Ignored Babies Develop Stress Response
If a baby is ignored even for a few minutes he won’t remember it later, will he? That’s the question Canadian researchers asked, and the answer may come as a surprise. Psychologists at the University of Toronto Scarborough performed an unusual experiment to test the effects of “emotional deprivation” on six-month-old babies. They asked parents of 30 babies to briefly ignore their six-month-old infants.
They then played with them for two minutes, then ignored them again for two minutes, before playing with them again. Next, researchers took saliva samples from the babies to measure their hormone levels. They found that the emotional response in the infants was immediate, with tests revealing elevated levels of the stress hormone cortisol. To see whether the babies would remember the episode, the infants were brought back to the same experiment room 24 hours later, with the same researchers taking their saliva samples.
Although this time, the parents didn’t ignore their babies, the infants demonstrated a distinct “anticipatory stress response” anyway, showing a marked elevation in cortisol. That suggests that the babies were able to anticipate stress based on the expectations formed from the previous day about how their parents would treat them. Another group of infants who were part of the two-day experiment, who acted as controls and weren’t subjected to the parental-non-responsiveness, showed no changes in their cortisol on either day. But the researchers also found that overall, the levels of stress hormones were lower on the second day compared to the first day, suggesting the babies were able to adapt to the stressor, a finding that the research team found interesting.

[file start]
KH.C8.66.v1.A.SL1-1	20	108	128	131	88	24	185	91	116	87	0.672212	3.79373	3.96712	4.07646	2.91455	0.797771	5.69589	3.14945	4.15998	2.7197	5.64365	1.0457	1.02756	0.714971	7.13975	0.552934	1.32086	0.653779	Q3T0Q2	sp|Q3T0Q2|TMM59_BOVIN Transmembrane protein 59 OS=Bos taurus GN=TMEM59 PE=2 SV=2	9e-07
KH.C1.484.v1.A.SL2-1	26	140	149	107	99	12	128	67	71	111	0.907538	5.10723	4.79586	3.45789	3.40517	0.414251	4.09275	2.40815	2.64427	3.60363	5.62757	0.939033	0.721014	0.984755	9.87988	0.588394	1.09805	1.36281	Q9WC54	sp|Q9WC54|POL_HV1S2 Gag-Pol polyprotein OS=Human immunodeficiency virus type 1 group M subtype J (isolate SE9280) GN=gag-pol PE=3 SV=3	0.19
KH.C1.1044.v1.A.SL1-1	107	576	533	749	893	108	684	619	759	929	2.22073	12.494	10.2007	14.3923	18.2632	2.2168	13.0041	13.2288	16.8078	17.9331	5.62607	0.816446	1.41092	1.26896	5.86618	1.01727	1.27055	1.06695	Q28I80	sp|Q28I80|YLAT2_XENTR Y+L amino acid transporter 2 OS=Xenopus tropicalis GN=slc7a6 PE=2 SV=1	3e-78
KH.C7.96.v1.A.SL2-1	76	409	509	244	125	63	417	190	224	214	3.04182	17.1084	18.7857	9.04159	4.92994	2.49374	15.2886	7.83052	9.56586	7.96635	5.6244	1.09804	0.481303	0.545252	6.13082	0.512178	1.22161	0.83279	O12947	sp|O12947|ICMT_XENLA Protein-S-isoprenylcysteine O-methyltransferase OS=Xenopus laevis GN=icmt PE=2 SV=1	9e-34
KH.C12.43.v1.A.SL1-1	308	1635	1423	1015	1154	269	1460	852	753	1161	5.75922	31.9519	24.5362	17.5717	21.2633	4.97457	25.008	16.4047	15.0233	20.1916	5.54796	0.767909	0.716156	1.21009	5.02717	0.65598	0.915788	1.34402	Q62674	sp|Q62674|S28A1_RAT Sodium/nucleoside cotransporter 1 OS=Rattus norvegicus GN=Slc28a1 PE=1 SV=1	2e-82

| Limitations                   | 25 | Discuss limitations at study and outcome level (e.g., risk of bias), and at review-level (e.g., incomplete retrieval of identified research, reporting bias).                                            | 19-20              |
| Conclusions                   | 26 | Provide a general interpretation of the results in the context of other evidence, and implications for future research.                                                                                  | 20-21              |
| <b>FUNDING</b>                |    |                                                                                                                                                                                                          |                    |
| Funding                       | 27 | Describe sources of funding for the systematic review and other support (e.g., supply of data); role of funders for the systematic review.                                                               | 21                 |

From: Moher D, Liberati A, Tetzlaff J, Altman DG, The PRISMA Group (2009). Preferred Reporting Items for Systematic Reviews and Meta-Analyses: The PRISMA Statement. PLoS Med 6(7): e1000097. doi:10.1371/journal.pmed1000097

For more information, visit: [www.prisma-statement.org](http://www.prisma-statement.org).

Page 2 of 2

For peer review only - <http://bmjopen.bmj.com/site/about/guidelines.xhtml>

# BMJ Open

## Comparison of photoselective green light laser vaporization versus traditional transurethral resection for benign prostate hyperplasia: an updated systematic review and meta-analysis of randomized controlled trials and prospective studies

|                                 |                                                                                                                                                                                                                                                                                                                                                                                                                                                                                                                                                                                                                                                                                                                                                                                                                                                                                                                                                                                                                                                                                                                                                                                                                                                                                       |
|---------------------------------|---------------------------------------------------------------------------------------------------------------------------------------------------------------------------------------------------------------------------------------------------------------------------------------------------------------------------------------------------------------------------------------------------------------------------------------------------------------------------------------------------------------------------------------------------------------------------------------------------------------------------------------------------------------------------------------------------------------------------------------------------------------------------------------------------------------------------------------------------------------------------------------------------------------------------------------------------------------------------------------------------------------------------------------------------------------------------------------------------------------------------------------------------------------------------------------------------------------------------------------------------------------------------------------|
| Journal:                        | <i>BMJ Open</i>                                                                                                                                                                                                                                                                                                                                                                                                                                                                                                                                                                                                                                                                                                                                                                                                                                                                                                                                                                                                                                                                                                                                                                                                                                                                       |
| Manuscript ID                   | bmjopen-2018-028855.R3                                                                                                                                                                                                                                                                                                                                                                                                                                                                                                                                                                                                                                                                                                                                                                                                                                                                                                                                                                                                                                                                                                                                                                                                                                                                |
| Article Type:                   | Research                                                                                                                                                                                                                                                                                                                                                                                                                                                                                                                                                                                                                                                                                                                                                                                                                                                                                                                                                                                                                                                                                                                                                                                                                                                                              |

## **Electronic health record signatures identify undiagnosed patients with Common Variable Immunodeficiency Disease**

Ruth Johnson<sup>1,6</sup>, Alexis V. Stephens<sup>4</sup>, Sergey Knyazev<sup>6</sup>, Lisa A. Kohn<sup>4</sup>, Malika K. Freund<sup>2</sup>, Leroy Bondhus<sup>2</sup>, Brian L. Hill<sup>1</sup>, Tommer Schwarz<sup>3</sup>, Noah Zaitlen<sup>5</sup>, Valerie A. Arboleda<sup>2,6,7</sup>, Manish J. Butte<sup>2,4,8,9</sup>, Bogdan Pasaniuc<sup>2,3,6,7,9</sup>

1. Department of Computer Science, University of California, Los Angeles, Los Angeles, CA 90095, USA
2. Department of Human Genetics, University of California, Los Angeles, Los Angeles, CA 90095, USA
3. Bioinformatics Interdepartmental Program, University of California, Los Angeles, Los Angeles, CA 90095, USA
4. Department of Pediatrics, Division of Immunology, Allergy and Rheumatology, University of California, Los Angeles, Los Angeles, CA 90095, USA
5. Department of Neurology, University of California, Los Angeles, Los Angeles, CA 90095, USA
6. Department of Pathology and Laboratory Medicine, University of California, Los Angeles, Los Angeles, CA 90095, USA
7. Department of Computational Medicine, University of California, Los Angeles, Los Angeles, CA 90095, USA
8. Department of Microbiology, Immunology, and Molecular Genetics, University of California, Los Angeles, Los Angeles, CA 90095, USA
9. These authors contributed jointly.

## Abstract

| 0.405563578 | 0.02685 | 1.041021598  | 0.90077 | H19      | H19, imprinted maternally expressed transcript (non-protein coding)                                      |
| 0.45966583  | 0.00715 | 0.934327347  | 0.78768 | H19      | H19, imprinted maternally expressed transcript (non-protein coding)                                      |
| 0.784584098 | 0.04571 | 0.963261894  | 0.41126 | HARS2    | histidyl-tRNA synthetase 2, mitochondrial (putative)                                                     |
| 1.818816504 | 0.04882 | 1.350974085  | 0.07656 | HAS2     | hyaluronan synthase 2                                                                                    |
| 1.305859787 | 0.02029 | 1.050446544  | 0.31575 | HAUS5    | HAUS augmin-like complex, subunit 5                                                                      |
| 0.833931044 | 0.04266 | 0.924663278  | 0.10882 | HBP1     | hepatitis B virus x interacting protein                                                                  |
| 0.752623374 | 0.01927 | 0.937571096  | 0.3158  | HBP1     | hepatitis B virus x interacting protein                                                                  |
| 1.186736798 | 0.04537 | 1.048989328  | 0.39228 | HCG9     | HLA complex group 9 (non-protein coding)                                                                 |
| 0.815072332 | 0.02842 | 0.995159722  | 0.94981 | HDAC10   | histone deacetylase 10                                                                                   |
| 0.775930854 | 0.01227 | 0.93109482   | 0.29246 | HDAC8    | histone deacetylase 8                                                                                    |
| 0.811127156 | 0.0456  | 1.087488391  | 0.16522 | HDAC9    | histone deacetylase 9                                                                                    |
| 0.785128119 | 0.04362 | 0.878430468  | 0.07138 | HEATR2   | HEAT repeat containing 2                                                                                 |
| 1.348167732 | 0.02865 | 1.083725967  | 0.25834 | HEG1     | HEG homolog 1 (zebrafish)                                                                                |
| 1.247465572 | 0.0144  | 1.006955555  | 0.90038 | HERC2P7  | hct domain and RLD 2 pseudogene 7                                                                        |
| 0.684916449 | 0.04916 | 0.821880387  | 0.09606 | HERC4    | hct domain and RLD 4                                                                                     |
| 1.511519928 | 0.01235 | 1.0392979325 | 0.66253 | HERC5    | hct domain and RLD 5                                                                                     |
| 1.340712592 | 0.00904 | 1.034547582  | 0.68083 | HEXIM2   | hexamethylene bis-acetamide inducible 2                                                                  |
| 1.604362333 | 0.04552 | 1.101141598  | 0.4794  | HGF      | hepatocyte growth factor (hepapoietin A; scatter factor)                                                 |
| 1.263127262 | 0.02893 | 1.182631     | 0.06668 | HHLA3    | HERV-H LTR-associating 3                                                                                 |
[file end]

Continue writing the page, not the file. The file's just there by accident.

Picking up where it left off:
Experts say the findings are in line with what is already known about “attachment theory,” the theory that children need a close relationship with at least one primary caregiver in order to develop normally. What remains unknown is whether the memories that trigger the anticipatory stress response are located in the mind or the body.
“It isn’t clear where or how the information is being retained,”
said Megan Gunnar, professor of psychology of the Institute of Child Development at the University of Minnesota.
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